Ohm's Law: Essential Learning for Electricians

Ohms Law

You can't learn about electricity without learning about Ohm's Law.

Named after Georg Ohm, a German physicist, the law was first published in a treatise in 1827. It states that the current flowing between points through a conductor is directly proportional to the potential difference across these points.

The Law describes how voltagecurrent and resistance in a circuit interact with each other. Current in a circuit is directly proportional to the voltage applied, and is inversely proportional to the resistance.

The resistance is the constant of the proportionality. Ohm's Law is described by this mathematical equation:

Ohms Law

In this equation I represents the current flowing through the conductor in amperes, the E is referred to as a voltage (V can also be used in this formula and it represents the potential voltage difference measured between two points) and R represents the resistance measured in ohms (Ω).

This means that Ohm’s law says that R in this relation is constant and does not rely on the current or voltage.

Ohm's Law Is The Relationship Between Voltage, Current and Resistance

When free electrons are allowed to flow, uninterrupted along a conductive path, an electric circuit is formed. This continuous flow of free electrons through the circuit conductor is called an electric current.

The driving force behind the flow is called the voltage. The voltage is a precise measurement of how much potential energy exists between two points in order to move the electrons. Without the two points as a reference, the term “voltage” loses its meaning.

Free electrons usually move through conductors with some degree of opposition to motion or friction. This friction is called resistance.

How much current flows through a circuit depends on how much voltage is available to motivate the electrons and how much resistance there is in the circuit to oppose the flow of electrons.

Symbol Measured In Abbreviation
Current I Amps A
Voltage E Volts V
Resistance R Ohms Ω


Like voltage, resistance is the relative quantity between two points. This is why voltage and resistance quantities are often said to be “between” or “across” two points in a circuit.

In order to understand circuit quantities, you need to be able to describe the quantities as measurements, much the same as temperature, mass, length, volume or any other types of physical quantities. These are the standard measurement units for electrical currents, voltage and resistance:

The symbol is the alphabetical letter assigned to represent the quantity in algebra equations. Physics and engineering calculations commonly use internationally recognized letters of the alphabet to represent certain elements or units.

The abbreviation is a short form for the measurement. The abbreviation for resistance is the Greek letter Ω (omega).

How to Measure Voltage

In the treatise, Ohm described how to measure voltage and current flowing through simple electrical circuits made up of wires of various lengths.

His representation to explain the results of his experiments was a more complex equation than the one above. The above equation is the modern form of Ohm’s law.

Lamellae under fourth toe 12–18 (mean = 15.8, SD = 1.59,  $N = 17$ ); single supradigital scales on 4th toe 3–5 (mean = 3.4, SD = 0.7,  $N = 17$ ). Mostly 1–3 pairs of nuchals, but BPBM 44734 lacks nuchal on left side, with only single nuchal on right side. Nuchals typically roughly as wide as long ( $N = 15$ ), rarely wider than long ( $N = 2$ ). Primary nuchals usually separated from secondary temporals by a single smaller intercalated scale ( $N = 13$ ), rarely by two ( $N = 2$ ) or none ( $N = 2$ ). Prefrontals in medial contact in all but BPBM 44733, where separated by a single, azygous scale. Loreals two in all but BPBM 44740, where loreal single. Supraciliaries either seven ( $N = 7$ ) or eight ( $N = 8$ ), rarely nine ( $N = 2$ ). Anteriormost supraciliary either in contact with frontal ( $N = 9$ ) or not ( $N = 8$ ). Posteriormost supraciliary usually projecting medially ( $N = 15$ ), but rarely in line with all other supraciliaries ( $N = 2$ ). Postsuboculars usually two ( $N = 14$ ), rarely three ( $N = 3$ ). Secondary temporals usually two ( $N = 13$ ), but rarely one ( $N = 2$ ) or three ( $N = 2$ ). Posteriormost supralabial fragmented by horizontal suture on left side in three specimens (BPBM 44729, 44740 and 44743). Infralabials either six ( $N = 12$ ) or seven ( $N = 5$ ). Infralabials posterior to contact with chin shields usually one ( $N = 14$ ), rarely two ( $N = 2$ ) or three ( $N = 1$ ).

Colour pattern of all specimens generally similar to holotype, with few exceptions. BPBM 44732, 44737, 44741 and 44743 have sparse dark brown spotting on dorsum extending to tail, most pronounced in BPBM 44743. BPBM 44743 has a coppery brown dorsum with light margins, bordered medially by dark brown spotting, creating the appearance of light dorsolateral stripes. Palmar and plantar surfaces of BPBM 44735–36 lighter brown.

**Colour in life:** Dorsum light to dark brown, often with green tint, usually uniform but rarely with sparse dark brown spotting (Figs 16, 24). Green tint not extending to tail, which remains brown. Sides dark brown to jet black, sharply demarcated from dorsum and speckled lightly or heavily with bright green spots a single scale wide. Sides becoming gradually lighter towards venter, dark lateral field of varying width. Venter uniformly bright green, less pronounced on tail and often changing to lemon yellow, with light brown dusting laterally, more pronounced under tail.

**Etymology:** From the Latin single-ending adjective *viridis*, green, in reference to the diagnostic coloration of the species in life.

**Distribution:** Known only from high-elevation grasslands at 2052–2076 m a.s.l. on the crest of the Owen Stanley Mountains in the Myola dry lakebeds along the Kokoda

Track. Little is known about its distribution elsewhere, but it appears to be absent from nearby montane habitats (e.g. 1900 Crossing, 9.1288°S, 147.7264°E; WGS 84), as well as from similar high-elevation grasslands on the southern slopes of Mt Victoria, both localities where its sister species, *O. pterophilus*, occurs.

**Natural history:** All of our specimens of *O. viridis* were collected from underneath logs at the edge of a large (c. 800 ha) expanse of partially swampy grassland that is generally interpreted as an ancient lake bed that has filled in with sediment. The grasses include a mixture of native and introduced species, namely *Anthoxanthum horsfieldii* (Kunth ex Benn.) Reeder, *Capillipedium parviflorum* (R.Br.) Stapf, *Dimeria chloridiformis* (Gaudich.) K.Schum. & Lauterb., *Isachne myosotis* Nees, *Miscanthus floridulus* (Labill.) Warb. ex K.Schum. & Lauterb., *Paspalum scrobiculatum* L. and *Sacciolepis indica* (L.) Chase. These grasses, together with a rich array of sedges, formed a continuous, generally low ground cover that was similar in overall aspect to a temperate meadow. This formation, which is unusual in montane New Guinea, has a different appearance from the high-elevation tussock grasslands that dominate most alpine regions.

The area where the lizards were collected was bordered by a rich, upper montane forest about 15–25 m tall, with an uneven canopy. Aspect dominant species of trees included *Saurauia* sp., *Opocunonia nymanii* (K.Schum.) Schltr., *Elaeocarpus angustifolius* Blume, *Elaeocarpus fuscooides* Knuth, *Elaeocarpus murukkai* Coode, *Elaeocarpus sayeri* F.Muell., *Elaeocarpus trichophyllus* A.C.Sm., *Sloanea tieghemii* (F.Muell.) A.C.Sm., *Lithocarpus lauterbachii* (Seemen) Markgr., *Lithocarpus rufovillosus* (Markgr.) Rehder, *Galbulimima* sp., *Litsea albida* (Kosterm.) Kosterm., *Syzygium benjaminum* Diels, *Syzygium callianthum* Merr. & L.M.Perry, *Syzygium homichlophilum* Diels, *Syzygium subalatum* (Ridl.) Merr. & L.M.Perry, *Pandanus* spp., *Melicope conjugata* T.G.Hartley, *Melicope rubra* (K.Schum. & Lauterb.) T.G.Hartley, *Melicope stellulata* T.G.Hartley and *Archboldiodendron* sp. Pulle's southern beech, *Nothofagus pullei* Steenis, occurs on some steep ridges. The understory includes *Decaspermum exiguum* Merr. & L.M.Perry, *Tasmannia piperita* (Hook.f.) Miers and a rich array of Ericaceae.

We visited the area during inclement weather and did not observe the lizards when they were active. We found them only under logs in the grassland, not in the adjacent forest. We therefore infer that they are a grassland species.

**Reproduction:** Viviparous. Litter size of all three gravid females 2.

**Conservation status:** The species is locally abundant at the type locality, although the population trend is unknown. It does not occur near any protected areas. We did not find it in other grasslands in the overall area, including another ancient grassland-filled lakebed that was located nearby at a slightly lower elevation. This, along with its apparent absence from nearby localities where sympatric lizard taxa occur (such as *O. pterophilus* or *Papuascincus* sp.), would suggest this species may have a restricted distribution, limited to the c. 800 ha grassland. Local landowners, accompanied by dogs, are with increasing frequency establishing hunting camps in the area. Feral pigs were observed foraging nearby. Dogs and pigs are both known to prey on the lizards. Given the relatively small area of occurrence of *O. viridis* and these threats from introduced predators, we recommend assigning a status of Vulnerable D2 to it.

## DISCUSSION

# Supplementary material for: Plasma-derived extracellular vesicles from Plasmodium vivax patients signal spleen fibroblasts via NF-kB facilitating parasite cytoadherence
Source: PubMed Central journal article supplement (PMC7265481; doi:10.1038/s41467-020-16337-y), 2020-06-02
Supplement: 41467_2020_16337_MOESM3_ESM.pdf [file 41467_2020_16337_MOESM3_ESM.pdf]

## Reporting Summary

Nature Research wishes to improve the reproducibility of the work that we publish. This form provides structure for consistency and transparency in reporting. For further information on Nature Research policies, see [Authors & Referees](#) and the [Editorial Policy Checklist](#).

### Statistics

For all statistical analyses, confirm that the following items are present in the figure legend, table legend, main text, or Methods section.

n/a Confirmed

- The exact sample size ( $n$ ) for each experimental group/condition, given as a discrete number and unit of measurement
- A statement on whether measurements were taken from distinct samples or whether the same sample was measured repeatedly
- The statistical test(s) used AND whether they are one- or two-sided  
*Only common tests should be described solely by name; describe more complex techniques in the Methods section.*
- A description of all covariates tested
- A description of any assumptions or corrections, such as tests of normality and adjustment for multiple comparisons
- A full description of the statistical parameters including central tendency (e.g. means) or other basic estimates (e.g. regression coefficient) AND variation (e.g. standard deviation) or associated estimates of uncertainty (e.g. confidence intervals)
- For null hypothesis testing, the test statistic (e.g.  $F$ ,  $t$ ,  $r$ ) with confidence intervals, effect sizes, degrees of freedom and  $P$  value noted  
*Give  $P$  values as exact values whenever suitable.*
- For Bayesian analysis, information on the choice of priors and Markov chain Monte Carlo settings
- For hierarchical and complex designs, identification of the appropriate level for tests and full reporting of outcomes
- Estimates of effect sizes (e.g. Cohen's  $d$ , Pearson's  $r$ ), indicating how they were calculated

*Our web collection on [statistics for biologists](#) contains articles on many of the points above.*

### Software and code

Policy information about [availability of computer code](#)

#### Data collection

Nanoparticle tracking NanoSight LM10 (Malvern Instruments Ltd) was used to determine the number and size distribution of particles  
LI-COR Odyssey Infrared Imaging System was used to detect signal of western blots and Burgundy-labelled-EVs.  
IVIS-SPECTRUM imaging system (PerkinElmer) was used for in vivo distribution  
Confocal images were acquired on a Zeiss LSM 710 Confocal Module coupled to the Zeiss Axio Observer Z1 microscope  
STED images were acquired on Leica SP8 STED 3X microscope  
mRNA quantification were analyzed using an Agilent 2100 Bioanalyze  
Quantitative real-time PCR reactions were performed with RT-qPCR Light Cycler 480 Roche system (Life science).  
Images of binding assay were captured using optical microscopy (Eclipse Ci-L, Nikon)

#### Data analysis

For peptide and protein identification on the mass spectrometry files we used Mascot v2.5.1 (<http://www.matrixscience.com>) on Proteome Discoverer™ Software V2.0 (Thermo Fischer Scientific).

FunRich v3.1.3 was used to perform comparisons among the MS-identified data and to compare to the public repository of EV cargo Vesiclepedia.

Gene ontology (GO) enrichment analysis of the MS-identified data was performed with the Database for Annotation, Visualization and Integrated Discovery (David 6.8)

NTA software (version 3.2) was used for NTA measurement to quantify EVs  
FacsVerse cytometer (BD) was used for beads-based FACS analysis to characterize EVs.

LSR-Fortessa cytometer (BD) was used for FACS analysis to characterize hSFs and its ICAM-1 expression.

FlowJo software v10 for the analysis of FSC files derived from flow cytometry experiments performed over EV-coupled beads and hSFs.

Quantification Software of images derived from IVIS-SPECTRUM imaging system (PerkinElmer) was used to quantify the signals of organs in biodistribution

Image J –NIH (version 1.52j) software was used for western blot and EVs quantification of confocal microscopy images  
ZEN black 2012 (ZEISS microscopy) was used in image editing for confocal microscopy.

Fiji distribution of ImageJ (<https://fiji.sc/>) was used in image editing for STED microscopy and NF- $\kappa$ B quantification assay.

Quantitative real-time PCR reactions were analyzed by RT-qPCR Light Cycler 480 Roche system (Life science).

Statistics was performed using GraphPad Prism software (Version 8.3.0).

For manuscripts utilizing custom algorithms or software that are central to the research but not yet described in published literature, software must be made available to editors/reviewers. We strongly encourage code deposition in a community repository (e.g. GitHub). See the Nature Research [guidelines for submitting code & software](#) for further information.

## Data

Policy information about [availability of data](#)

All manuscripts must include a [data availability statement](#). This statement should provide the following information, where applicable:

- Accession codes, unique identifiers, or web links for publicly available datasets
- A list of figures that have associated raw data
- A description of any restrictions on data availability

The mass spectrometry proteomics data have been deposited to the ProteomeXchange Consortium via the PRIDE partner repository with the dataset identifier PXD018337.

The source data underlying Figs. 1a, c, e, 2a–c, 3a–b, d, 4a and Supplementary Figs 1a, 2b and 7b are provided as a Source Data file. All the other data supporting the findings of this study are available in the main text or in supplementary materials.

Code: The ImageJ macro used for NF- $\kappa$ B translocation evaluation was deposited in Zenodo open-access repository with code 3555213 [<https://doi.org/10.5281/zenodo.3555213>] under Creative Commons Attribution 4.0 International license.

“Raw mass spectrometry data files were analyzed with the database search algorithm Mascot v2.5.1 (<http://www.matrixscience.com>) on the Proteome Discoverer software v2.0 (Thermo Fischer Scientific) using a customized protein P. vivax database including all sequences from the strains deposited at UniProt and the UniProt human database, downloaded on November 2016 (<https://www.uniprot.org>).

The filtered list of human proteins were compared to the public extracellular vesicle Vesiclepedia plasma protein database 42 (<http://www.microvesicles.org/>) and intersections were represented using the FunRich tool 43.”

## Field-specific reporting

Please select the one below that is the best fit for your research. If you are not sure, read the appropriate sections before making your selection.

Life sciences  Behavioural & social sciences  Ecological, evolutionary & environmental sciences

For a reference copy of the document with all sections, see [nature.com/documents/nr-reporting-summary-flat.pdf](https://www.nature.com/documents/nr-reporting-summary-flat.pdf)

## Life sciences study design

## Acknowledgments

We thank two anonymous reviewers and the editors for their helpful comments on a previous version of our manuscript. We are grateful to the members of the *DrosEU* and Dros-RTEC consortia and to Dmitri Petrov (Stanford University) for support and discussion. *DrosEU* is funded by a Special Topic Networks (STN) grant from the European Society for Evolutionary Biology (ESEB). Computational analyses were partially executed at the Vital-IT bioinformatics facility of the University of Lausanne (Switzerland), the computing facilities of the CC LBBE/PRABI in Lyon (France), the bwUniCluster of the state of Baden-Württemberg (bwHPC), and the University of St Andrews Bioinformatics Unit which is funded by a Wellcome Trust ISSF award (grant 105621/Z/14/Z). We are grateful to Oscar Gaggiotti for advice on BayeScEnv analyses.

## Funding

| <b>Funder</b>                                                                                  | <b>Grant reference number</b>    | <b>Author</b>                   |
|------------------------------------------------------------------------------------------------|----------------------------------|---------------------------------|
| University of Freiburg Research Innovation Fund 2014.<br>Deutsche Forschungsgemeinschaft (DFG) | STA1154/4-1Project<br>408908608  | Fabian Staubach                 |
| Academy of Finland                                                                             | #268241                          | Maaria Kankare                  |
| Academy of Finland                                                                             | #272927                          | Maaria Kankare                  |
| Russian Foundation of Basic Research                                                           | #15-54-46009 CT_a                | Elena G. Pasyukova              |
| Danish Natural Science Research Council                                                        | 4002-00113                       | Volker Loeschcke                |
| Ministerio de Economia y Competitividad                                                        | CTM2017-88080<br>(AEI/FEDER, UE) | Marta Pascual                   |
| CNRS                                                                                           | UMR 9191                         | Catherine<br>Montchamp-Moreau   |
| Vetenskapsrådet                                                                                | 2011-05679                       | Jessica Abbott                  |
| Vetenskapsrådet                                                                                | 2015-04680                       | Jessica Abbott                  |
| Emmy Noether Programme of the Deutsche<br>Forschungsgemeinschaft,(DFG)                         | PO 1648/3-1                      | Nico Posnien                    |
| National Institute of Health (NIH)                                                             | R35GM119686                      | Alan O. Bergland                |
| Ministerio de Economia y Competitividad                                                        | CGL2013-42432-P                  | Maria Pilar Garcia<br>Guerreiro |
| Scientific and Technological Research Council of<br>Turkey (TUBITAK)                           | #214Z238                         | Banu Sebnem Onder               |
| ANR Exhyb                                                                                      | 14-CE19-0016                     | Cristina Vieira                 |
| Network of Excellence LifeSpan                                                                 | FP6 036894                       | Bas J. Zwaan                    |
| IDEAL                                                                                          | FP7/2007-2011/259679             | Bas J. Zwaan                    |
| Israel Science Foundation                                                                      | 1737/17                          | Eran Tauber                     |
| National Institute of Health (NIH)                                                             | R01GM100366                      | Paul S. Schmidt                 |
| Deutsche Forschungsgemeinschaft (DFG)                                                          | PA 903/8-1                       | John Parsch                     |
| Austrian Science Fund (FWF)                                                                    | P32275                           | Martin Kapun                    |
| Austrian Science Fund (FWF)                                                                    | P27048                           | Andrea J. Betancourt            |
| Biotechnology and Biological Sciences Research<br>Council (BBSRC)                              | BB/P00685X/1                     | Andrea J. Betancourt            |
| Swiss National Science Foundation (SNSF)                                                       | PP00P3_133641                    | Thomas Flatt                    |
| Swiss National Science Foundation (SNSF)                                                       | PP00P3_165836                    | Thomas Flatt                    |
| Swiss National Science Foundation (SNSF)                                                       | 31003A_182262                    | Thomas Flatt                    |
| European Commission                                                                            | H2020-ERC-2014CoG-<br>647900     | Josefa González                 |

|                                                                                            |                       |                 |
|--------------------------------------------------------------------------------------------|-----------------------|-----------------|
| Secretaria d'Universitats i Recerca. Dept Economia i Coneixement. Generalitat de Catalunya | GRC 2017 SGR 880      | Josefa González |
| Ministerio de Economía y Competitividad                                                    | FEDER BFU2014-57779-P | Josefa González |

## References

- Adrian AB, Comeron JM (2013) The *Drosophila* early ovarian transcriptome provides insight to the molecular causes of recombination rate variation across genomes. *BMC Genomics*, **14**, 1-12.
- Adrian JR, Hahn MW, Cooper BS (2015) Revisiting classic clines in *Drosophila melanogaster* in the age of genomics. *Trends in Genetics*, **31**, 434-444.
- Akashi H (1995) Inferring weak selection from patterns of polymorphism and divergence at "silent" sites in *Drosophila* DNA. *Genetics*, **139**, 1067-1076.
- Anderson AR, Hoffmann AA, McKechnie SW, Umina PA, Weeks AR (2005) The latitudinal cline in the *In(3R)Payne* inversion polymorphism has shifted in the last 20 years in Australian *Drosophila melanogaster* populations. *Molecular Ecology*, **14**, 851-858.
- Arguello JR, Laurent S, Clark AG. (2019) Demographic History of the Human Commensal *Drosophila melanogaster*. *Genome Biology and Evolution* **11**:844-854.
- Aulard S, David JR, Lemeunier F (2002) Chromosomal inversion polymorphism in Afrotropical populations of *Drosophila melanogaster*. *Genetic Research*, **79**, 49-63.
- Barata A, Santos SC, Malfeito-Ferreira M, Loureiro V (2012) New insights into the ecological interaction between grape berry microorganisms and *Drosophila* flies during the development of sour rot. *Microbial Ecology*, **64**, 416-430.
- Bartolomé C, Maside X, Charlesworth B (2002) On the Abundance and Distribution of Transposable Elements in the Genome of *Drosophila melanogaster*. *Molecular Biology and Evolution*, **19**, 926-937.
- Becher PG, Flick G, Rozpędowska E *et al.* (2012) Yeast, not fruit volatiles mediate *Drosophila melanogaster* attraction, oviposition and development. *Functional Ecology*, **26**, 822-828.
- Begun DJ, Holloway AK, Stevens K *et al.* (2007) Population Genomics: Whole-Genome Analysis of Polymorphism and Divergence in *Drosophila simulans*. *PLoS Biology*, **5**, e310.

The term Ohm's law is also used in physics where it refers to a number of variations of the original equation created by Ohm. This is the simplest example:

J = σ E

Here J is the density of the current in a particular location on a resistive material, the E represents the electric field at the location, and σ represents the conductivity. This version of Ohm’s law was developed by Gustav Kirchhoff, also a German physicist.

Famous Electrical Pioneers

These three units of measurement were all named after men famous for their experiments with electricity. You already know the ohm was named after Georg Ohm. But, you may not know that the amp was named after André-Marie Ampère and the volt was named after Alessandro Volta.

The symbols representing quantities are always written in capital letters, except when the quantity describes a brief instance.

For example, an electric battery has a stable voltage and would therefore be symbolized by a capital E. The voltage at the moment lightning strikes a power line would probably be symbolized using a small letter e or v, to indicate that the value was recorded in a brief instance.

When you begin learning about electricity, you will probably be taught about another foundational unit used to measure electricity – the coulomb. However, this measurement is rarely used in practice. The coulomb measures the electric charge directly proportional to the number of electrons in an imbalanced state.

The electric charge of one coulomb equals 6,250,000,000,000,000,000 electrons. The quantity of the electric charge is symbolized by a capital Q, and the abbreviation for the unit of coulombs is capital C.

When you are working as an electrician, some common terms you will hear will be ohms, amps, volts, currents and circuits.

All of these terms and their meanings may seem overwhelming at first, but after a while they will be second nature. You will be able to take your multimeter and instantly understand what the readings mean.

To recap – Ohm's law states that the current flowing between points through a conductor is directly proportional to the potential difference across these points.